Nelson Ruiz No Comments

Termites of the “subterranean” variety are easily the most economically significant wood-eating insects in the world. In America alone it is estimated that subterranean termites are responsible for inflicting around 80 percent of all insect-induced damages to wood-framed structures. In many northern states, the eastern subterranean termite is the only termite species that residents need to worry about. But in hotter southern states, the termite population is more diverse, making drywood and dampwood termite species a threat to many homes in the region.

In Arizona, subterranean termites are considered the most problematic, but many residents do not realize that two species of drywood termite also inflict significant structural damages within the state. These two species are commonly known as the dark western drywood termite and the light western drywood termite, and unfortunately, these termites often infest residential trees before accessing structural timber within homes and buildings.

The dark western drywood (DWD) termite species is the most economically costly drywood termite species in the western US, and they are particularly abundant in the Sonoran Desert region of Arizona. The DWD termite is well known for infesting homes, but these termites also infest a number of trees that are common in residential areas of southern Arizona. The trees most commonly attacked by this species include, Arizona cypress, sycamore, adler, cottonwood, willow, ash, walnut, poplar, eucalyptus and a variety of fruit trees.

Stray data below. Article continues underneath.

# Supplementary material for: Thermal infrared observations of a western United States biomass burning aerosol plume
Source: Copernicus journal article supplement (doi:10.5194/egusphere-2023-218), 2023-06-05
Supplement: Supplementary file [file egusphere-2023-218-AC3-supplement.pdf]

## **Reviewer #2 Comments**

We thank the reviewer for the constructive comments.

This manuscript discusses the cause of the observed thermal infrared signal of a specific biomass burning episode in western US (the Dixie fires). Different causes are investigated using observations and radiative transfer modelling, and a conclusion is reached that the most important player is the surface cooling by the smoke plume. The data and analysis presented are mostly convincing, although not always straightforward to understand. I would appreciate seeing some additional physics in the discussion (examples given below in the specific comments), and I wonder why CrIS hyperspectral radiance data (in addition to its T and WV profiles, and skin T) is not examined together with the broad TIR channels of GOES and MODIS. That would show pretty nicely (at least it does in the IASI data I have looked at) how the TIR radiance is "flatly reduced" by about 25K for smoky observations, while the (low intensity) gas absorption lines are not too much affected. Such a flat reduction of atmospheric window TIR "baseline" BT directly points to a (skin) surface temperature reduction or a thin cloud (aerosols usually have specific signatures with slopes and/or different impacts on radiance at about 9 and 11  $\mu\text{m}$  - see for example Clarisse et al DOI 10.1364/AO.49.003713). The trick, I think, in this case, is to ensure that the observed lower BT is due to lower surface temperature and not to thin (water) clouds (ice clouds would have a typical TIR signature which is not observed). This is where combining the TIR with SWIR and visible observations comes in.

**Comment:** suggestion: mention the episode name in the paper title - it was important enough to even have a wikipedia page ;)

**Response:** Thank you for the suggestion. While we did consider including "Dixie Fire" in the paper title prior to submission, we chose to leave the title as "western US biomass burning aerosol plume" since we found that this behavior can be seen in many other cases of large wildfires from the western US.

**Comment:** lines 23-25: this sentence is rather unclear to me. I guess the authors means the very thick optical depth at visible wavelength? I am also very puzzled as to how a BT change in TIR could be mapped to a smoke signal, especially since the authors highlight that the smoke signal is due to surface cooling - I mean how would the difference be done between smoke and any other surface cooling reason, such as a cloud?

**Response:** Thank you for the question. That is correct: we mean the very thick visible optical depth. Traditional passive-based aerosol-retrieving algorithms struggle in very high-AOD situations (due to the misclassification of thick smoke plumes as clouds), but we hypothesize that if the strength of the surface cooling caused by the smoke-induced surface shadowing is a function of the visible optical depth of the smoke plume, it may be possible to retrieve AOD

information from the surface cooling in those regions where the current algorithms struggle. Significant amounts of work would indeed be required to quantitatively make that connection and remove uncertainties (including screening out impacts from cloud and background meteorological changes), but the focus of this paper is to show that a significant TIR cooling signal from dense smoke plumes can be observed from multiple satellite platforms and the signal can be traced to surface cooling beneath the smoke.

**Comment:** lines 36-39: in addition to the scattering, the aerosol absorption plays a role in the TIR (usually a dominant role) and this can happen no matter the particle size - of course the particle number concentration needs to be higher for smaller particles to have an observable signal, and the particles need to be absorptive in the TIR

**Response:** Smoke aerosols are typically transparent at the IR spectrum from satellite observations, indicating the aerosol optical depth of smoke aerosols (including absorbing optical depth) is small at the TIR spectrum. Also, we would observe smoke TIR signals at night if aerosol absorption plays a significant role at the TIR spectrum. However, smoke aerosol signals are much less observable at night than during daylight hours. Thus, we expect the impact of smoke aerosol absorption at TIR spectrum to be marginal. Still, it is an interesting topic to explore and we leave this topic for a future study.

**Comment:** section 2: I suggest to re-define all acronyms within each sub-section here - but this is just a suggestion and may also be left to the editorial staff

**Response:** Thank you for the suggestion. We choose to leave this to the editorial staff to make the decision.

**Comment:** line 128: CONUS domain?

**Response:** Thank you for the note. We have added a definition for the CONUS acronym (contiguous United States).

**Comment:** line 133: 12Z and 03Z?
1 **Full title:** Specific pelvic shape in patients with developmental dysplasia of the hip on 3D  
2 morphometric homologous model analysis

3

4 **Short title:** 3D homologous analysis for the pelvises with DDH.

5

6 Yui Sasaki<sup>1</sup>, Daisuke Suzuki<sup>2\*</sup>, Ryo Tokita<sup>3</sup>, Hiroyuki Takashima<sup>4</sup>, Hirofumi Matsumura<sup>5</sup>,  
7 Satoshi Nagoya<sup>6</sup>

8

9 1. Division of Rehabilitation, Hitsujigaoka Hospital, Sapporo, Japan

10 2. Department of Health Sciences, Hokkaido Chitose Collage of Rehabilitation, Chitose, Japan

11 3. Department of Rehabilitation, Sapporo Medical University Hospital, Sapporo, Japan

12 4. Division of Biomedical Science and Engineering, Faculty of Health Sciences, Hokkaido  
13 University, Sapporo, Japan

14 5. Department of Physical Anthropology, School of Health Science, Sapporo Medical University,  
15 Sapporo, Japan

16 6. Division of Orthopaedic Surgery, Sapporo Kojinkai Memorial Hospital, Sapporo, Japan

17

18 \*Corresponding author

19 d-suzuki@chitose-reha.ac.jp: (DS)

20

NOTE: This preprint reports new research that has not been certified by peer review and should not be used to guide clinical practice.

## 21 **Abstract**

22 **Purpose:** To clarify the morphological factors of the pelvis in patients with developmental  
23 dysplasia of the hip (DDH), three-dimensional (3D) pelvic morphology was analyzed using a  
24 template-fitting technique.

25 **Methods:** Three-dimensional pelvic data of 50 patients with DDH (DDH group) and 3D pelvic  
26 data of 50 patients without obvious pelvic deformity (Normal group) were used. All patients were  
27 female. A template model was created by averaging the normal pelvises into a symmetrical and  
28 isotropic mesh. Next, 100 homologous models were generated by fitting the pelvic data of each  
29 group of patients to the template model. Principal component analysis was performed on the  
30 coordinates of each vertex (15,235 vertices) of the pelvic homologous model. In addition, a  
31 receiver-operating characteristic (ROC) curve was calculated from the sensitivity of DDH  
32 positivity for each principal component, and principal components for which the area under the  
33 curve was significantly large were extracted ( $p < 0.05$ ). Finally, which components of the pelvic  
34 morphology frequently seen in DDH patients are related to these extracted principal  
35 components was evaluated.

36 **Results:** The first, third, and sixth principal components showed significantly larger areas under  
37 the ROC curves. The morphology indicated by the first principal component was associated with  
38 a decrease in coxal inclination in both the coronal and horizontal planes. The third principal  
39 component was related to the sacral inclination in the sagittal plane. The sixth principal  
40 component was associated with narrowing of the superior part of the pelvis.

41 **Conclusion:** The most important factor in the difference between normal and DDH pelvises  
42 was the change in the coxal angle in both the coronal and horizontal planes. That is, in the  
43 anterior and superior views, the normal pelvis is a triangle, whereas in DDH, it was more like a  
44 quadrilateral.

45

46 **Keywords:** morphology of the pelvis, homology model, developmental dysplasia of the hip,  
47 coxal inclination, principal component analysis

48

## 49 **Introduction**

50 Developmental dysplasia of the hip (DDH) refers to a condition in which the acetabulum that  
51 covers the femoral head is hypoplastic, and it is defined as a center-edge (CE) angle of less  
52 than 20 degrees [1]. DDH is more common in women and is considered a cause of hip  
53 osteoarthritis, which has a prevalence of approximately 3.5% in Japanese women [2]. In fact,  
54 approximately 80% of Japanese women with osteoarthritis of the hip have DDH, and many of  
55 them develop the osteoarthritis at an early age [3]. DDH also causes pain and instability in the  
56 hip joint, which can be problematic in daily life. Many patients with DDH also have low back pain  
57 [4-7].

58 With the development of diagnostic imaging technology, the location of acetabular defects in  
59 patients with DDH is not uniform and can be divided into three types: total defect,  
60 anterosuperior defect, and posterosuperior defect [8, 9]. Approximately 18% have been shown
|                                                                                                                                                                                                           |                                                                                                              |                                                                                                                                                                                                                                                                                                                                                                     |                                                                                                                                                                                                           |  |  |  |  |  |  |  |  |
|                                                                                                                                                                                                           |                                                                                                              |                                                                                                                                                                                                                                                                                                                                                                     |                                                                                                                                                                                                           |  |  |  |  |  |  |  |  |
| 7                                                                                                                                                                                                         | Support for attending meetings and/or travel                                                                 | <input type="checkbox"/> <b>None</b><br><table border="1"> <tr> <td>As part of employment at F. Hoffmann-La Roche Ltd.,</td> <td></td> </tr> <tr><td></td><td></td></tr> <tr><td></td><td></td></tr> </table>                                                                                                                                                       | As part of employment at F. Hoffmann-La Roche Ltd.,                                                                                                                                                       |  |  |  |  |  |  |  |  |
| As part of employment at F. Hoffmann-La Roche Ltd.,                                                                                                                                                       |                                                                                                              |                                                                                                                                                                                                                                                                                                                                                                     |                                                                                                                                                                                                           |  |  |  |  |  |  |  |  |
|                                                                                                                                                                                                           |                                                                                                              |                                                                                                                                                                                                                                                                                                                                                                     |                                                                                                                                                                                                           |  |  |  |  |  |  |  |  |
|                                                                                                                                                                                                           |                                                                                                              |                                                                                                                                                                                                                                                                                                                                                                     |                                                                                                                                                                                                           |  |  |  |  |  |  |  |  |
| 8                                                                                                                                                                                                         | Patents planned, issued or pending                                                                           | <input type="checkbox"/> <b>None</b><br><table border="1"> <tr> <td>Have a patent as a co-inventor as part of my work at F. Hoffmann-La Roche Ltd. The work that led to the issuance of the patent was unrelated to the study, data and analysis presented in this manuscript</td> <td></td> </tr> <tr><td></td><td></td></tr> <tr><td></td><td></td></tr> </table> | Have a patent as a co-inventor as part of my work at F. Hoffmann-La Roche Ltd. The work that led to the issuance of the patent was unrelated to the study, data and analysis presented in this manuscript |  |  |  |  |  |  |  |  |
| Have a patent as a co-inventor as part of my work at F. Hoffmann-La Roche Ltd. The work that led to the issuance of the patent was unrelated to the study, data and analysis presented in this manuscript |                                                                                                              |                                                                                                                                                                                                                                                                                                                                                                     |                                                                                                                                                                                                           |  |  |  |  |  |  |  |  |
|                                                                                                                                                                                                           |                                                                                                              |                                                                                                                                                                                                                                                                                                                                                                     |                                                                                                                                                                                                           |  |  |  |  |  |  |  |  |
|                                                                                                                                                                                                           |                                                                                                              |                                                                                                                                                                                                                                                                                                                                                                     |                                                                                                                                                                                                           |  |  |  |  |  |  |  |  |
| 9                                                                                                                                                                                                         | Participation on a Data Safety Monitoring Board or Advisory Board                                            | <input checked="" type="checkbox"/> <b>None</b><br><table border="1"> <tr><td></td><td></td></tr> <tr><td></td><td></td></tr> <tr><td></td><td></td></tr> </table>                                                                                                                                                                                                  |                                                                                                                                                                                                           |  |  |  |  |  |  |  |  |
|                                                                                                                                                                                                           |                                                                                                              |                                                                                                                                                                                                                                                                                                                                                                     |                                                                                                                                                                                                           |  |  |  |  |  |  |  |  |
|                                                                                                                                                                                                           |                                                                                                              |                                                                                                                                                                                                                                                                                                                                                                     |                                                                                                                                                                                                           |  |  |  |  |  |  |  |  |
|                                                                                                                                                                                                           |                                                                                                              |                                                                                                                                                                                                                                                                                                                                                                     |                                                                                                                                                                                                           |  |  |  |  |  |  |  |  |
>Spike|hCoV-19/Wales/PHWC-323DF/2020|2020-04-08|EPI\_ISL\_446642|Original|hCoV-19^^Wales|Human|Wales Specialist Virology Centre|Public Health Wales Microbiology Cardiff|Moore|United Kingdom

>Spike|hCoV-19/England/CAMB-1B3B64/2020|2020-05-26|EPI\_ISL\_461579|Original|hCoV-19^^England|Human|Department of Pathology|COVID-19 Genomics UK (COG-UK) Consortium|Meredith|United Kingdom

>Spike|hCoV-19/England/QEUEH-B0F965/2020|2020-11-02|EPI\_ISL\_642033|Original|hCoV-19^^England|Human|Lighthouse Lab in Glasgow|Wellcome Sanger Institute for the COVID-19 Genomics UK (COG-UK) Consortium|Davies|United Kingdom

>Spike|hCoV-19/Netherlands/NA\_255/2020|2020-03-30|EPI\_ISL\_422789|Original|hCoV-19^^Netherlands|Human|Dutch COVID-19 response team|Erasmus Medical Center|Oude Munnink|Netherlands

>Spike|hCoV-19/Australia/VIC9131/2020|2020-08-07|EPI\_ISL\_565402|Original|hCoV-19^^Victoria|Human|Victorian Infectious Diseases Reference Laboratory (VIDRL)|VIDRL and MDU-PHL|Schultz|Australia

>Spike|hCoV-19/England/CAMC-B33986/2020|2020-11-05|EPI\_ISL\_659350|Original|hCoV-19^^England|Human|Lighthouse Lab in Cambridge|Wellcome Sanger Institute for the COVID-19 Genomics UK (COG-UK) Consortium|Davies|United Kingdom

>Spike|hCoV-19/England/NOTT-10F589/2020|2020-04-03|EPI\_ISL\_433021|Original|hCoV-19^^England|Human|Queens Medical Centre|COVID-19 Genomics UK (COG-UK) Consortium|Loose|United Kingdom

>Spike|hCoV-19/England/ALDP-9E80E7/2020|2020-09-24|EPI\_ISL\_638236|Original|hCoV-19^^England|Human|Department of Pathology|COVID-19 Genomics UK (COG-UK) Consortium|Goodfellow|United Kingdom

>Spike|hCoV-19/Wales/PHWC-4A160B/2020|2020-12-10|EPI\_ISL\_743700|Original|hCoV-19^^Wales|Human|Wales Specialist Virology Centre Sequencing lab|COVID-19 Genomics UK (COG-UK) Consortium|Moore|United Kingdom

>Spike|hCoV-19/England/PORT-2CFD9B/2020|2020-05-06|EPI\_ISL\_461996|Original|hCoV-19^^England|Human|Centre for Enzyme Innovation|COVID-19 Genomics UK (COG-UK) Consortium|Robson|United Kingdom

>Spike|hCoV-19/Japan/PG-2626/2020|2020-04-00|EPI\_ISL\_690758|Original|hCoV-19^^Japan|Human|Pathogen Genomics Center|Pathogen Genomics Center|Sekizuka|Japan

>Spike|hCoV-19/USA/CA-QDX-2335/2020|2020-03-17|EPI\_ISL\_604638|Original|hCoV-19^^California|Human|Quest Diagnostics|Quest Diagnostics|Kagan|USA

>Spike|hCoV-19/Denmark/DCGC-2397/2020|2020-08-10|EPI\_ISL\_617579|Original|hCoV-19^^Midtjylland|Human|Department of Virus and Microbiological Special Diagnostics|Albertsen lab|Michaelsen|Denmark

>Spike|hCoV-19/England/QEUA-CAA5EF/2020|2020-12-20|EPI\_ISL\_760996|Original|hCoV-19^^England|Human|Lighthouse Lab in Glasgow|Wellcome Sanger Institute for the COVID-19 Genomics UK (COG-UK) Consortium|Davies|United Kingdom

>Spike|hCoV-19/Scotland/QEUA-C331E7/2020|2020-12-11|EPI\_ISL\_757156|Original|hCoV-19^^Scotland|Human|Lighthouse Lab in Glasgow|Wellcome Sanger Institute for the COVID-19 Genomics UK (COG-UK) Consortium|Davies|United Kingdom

All the way back in 1916, a researcher found that around 70 percent of black ash trees in Sabino Canyon had become riddled with both DWD termite damage and LWD termite damage. In addition to damaging the sapwood of these trees, these two drywood species even infested the heartwood, which is unusual for most termite species that are native to the US.

While both of these drywood termite species swarm between May and September all over Arizona state, the DWD species is generally found at higher elevations than the LWD termite species. Considering the frequency with which drywood termites infest residential trees before moving into homes, it is important for all Arizona homeowners to have the trees in their lawn inspected for a termite presence at least once a year.

Have you ever found a termite infested tree?

Leave a Reply

Your email address will not be published. Required fields are marked *